For Your Consideration: Amour Is The Most Honest Best Picture Nominee
From now until the Friday before the Oscars we'll be running daily pieces about why a film does or does not deserve Best Picture. Here is Katey fighting for for Michael Haneke's Amour!
Amour looks nothing like any of its fellow Best Picture nominees. In fact, it looks nothing like any of the Best Picture nominees of the last 20 years. It's a foreign film, of course, which puts it in the company of just four other foreign language films nominated for Best Picture since 1993. But more than that, it's everything a Best Picture nominee usually isn't-- small, bleak, unsentimental, and utterly uninterested in helping the audience through its barrage of intense feelings.
That, of course, is exactly why it deserves to win. Amour is beyond a dark horse in this year's Best Picture field, to the point that it feels like a miracle that it was even nominated. A Palme d'Or winner at Cannes last May, and a critically beloved effort from the almost always critically beloved Michael Haneke, Amour seemed like exactly the kind of lauded film that never gets anywhere near the Oscars. Then it up and got five nominations, all of them major-- Best Picture, Best Director, Best Actress, Best Original Screenplay and Best Foreign Language Film. It may not win any of them. But to win the biggest one, Best Picture, could mean the most of all.
Amour, more than any of its fellow nominees, captures the essence and intensity of the human experience. It is a tiny story, about an elderly French couple (Jean-Louis Trintignant and Emmanuelle Riva) whose comfortable lives unravel when the wife Anne suffers a stroke and begins the agonizing process of dying. But its deliberately broad title tells the truth. This is a movie about the purest, realest kind of love, and the kind of that happens countless times every day-- one person, committed to care for another, and sticking through everything awful that comes at the end. Amour is the absolute best-case scenario for a relationship, the final coda after the rom-com clinch in which the guy gets the girl. If you are very lucky, you will watch the person you love the most die at an advanced and fragile age-- or you will force that person to watch it happen to you.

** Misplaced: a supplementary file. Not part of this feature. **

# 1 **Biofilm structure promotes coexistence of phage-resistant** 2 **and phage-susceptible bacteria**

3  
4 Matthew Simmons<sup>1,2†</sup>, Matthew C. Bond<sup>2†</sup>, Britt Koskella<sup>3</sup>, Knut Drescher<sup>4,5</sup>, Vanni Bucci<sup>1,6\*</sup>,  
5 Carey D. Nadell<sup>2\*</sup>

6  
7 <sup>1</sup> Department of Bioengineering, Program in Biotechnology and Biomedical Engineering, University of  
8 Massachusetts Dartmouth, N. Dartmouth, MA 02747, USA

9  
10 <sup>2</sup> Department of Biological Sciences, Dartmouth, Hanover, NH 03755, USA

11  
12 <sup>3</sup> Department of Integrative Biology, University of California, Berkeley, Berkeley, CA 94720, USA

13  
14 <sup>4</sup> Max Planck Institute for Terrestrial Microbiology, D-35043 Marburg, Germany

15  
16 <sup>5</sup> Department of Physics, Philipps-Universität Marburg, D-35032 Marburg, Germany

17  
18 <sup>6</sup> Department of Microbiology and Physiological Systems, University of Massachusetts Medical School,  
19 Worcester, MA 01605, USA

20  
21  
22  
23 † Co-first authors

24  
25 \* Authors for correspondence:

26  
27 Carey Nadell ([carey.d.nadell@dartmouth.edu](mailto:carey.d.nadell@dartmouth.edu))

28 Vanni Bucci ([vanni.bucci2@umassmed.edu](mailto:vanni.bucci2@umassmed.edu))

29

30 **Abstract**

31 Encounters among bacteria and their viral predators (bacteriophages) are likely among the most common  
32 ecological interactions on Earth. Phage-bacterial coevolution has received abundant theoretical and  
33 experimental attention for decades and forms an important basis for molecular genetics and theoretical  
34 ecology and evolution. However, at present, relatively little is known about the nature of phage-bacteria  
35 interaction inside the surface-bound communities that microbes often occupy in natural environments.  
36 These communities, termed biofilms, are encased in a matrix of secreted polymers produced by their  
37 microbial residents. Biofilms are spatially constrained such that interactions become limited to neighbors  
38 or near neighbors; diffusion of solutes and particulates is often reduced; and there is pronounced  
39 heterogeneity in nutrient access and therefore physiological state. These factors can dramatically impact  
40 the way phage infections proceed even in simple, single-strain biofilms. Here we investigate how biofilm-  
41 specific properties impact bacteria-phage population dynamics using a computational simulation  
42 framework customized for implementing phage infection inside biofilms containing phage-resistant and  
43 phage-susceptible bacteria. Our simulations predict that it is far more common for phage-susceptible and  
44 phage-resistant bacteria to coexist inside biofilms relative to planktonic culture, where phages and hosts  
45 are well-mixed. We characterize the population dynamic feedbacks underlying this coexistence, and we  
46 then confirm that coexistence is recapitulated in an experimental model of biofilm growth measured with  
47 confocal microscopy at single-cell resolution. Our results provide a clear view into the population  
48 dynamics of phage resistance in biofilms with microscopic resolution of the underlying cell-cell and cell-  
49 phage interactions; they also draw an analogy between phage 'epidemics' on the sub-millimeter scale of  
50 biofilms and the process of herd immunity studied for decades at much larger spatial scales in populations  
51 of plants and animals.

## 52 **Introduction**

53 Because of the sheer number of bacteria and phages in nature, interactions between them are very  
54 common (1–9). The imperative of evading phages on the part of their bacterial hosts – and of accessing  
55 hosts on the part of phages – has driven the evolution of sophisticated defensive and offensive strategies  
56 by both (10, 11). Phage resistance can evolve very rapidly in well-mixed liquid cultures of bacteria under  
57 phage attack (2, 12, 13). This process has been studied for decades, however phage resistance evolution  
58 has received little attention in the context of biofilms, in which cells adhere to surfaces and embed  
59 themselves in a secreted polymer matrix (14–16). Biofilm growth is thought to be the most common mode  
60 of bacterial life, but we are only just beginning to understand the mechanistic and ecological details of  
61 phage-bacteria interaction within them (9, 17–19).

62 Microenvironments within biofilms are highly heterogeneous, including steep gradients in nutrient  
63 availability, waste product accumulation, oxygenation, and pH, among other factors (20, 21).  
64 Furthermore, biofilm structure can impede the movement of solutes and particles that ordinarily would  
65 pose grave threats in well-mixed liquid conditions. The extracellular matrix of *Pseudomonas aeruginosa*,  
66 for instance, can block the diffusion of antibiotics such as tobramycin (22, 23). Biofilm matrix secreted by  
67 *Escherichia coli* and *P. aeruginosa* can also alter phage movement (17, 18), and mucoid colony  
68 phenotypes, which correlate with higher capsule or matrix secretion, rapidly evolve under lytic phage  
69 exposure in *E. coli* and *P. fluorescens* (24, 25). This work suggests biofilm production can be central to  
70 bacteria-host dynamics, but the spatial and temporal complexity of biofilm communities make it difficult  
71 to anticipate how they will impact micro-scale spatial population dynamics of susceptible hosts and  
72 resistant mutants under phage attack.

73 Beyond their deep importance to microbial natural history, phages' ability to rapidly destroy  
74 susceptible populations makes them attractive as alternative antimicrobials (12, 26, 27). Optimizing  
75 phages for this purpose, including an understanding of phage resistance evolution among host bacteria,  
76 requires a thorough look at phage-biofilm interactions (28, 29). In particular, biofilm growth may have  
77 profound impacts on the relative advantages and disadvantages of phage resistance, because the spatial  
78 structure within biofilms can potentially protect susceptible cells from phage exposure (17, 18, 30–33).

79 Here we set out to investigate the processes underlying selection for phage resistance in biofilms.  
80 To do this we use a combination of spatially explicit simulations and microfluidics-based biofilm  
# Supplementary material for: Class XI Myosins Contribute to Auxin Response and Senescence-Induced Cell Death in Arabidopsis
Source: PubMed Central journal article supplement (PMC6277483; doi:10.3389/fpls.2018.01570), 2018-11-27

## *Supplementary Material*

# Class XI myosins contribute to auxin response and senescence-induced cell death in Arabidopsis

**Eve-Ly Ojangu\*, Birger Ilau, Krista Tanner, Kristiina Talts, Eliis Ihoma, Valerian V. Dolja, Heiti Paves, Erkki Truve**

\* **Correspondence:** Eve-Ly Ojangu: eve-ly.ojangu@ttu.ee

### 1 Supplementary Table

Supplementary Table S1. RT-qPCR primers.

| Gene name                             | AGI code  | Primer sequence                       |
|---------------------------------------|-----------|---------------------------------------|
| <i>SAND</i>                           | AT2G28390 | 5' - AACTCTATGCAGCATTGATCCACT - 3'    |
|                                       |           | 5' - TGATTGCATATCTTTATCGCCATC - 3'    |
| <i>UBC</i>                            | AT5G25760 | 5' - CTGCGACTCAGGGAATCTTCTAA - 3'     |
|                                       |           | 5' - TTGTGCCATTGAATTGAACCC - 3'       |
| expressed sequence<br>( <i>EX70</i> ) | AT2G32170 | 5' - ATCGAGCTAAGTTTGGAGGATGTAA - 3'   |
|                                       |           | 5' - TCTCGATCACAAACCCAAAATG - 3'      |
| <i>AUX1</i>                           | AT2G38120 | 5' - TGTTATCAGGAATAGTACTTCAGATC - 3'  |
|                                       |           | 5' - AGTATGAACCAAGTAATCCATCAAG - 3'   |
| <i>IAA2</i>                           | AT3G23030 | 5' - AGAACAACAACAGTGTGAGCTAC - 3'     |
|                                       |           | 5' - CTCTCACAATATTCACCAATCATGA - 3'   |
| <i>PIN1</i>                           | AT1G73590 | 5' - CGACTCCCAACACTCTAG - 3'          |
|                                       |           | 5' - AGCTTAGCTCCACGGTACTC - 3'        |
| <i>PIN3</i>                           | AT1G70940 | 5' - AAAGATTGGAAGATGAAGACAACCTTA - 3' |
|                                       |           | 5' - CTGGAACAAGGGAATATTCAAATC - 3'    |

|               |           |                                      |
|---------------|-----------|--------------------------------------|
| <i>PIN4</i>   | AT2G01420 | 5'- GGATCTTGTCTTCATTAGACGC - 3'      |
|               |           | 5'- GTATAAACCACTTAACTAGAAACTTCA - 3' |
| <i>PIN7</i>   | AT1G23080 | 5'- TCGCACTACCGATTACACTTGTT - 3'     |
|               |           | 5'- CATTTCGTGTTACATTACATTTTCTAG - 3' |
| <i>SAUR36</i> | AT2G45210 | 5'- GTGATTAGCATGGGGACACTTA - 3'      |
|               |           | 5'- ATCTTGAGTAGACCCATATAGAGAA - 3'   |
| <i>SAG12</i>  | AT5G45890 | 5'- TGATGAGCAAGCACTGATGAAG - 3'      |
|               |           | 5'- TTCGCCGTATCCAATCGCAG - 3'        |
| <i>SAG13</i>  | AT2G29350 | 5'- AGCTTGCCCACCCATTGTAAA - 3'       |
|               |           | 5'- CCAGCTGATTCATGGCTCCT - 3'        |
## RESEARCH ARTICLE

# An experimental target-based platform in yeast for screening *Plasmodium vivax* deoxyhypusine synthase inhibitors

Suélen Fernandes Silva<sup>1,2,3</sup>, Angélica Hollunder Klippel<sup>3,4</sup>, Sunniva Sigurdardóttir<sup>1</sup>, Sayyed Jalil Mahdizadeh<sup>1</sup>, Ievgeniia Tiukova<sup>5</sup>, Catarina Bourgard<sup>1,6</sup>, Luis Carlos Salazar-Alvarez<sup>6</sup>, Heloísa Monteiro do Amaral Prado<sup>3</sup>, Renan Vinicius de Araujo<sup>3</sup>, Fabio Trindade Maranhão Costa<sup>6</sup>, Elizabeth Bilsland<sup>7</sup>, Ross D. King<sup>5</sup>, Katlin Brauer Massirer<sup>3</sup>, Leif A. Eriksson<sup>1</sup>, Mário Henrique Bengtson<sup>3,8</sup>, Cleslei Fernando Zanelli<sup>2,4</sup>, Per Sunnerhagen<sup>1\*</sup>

Nearly everything mainstream cinema produces is designed to avoid talking about this, and for valid reasons-- people see this enough in real life without having to pay for it onscreen. But that's exactly what makes Amour so bracing and effective. Taking the genre that's been so battered and abused by Hollywood, Michael Haneke creates a romance that makes the entire notion of love feel new-- brutal and heartbreaking, yes, but new. In a time when people are living longer and dying in ways our ancestors couldn't comprehend, Amour is remarkably modern story, and one that all of us lucky to be young and healthy recognize will come our way. I intended to watch Amour a second time before Oscar season truly began, but after my grandmother passed away in December, I knew I couldn't bear it. It was too real.
Meticulously made and unflinching even in its most difficult moments, Amour is the most honest and original of the Best Picture nominees. It is a great movie that is deserving of Best Picture on its own merits, but its win would really be a statement from an industry that has shown its own tentative steps toward broadening its horizons in recent years (hey, last year's Best Picture winner was technically French, after all). Movies that are dark and artsy and French aren't supposed to stand a chance at winning Best Picture. But who says it has to be that way forever?
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